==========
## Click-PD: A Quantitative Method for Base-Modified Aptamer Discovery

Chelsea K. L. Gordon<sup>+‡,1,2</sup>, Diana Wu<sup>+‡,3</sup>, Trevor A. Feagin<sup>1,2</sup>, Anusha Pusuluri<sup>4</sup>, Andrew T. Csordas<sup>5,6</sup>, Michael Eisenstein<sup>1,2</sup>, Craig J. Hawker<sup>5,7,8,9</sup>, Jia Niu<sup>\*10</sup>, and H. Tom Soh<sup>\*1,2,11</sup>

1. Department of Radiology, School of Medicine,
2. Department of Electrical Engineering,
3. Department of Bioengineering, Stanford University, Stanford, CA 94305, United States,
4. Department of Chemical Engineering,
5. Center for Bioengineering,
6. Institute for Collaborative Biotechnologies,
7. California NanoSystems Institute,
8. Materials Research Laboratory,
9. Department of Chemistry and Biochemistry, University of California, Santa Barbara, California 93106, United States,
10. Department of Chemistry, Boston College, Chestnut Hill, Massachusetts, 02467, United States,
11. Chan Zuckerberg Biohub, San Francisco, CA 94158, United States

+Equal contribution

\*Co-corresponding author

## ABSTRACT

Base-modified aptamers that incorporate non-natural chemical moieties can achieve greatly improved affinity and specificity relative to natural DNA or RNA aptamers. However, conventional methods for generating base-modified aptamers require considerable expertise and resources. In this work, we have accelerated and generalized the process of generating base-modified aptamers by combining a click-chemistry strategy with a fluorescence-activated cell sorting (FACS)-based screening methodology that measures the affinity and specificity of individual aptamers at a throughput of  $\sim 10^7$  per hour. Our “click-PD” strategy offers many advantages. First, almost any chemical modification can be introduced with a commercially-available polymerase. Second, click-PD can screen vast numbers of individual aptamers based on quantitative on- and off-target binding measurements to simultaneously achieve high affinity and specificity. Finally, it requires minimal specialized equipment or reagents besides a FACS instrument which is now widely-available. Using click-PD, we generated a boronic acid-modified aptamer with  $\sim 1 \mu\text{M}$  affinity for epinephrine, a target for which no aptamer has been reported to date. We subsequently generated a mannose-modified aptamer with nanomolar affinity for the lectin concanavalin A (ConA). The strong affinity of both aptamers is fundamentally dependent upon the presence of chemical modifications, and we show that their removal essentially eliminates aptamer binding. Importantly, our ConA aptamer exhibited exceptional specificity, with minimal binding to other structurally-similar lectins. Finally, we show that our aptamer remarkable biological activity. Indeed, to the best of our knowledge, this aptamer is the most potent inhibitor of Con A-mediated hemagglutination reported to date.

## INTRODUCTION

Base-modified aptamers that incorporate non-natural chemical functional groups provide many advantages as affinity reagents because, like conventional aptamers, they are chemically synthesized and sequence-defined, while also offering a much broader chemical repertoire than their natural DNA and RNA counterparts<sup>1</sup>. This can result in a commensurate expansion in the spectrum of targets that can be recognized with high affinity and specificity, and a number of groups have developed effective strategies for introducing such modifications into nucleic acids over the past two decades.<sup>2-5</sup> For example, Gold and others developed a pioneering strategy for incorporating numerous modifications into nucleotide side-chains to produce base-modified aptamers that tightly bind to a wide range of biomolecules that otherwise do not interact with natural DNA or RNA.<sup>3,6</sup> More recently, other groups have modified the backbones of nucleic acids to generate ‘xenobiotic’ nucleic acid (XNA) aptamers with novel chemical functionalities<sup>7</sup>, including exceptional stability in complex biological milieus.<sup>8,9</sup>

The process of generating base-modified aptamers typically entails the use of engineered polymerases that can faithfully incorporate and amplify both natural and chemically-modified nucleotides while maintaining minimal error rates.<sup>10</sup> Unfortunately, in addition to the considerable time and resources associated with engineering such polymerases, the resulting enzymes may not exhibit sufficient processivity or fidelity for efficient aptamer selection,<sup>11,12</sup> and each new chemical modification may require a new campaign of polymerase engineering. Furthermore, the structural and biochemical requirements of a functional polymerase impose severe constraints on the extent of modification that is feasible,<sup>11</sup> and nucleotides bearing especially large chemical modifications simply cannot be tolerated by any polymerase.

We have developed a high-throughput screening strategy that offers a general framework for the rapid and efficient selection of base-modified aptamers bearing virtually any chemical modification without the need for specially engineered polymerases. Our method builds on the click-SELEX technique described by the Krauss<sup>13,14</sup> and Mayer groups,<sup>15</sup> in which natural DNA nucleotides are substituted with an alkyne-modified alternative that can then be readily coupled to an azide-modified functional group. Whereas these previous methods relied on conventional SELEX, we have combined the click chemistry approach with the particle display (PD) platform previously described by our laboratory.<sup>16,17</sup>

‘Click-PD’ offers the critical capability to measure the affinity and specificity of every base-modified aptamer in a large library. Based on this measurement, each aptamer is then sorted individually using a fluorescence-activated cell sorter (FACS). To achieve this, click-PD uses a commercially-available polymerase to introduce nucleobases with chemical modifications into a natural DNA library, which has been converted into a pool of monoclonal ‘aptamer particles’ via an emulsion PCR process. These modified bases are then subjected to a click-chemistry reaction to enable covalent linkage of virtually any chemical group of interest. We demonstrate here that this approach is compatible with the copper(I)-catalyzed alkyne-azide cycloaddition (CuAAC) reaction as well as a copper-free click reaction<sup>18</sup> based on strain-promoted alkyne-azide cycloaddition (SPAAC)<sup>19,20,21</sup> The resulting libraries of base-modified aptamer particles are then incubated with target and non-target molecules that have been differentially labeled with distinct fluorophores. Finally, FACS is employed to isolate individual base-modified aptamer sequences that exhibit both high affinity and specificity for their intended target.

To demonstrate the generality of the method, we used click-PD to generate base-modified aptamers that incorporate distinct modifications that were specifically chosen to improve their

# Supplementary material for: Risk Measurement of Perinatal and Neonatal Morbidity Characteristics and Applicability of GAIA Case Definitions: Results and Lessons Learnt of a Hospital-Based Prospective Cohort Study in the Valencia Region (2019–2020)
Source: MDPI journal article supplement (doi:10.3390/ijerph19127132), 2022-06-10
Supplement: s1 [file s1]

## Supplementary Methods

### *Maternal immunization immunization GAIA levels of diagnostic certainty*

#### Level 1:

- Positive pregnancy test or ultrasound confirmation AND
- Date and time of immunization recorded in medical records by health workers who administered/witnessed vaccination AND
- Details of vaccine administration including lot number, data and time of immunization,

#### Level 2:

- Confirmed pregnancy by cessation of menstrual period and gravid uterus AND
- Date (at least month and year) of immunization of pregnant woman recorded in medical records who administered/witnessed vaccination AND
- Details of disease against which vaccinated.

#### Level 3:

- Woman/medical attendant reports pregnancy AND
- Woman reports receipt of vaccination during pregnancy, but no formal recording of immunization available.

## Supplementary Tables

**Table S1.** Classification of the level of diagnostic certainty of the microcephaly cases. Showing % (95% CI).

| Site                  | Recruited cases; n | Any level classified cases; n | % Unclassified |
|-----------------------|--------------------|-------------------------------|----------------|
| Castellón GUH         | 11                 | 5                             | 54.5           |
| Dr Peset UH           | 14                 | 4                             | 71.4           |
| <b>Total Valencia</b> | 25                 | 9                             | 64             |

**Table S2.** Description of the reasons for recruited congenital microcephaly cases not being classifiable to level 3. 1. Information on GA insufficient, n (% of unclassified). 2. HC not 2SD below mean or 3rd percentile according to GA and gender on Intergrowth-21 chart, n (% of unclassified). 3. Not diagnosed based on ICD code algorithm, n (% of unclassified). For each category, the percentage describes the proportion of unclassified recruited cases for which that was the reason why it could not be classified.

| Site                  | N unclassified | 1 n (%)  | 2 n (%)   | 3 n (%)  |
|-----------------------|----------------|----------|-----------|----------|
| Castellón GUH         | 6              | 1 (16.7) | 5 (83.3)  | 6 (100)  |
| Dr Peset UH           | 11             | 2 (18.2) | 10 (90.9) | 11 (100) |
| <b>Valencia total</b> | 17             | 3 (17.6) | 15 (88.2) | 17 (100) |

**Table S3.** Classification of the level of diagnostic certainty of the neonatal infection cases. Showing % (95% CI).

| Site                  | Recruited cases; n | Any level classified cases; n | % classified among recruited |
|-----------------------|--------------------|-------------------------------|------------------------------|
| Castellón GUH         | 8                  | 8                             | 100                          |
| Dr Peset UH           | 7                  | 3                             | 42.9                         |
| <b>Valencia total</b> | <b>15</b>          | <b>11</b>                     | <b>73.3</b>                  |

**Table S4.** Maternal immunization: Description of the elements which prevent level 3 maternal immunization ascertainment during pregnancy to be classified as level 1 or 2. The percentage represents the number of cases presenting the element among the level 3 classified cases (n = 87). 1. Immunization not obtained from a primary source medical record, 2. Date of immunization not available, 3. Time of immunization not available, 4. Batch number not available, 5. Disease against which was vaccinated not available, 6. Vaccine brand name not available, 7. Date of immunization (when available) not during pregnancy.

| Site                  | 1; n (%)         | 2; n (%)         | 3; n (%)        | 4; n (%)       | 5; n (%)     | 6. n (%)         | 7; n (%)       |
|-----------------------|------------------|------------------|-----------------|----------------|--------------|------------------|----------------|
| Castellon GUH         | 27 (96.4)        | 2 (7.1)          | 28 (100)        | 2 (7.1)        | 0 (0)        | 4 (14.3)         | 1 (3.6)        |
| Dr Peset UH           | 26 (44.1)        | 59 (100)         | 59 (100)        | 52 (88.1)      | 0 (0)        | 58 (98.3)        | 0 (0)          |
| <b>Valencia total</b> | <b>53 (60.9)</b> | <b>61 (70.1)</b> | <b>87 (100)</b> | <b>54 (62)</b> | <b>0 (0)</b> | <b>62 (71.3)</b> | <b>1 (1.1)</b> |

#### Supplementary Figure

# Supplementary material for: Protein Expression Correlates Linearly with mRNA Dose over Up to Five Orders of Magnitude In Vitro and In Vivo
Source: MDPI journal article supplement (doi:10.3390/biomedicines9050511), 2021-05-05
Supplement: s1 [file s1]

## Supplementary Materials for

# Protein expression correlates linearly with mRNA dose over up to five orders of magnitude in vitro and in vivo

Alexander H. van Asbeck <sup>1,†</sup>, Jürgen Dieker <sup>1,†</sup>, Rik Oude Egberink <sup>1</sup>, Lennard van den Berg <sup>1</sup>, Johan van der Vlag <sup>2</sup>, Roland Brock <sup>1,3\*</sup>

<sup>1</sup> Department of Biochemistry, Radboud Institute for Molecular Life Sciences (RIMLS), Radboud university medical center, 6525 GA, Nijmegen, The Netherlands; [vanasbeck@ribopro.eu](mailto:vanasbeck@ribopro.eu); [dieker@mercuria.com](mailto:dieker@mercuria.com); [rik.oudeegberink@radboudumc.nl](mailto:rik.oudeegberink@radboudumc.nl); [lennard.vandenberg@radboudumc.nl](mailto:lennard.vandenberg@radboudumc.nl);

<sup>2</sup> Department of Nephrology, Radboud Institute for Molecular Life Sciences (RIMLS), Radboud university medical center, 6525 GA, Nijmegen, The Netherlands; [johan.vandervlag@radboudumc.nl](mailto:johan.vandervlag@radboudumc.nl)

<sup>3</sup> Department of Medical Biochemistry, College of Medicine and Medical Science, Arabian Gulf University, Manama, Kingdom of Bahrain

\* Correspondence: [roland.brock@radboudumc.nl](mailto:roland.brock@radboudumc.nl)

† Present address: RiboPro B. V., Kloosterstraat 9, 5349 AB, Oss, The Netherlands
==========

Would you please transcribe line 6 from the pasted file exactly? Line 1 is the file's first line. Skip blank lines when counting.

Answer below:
4. Department of Chemical Engineering,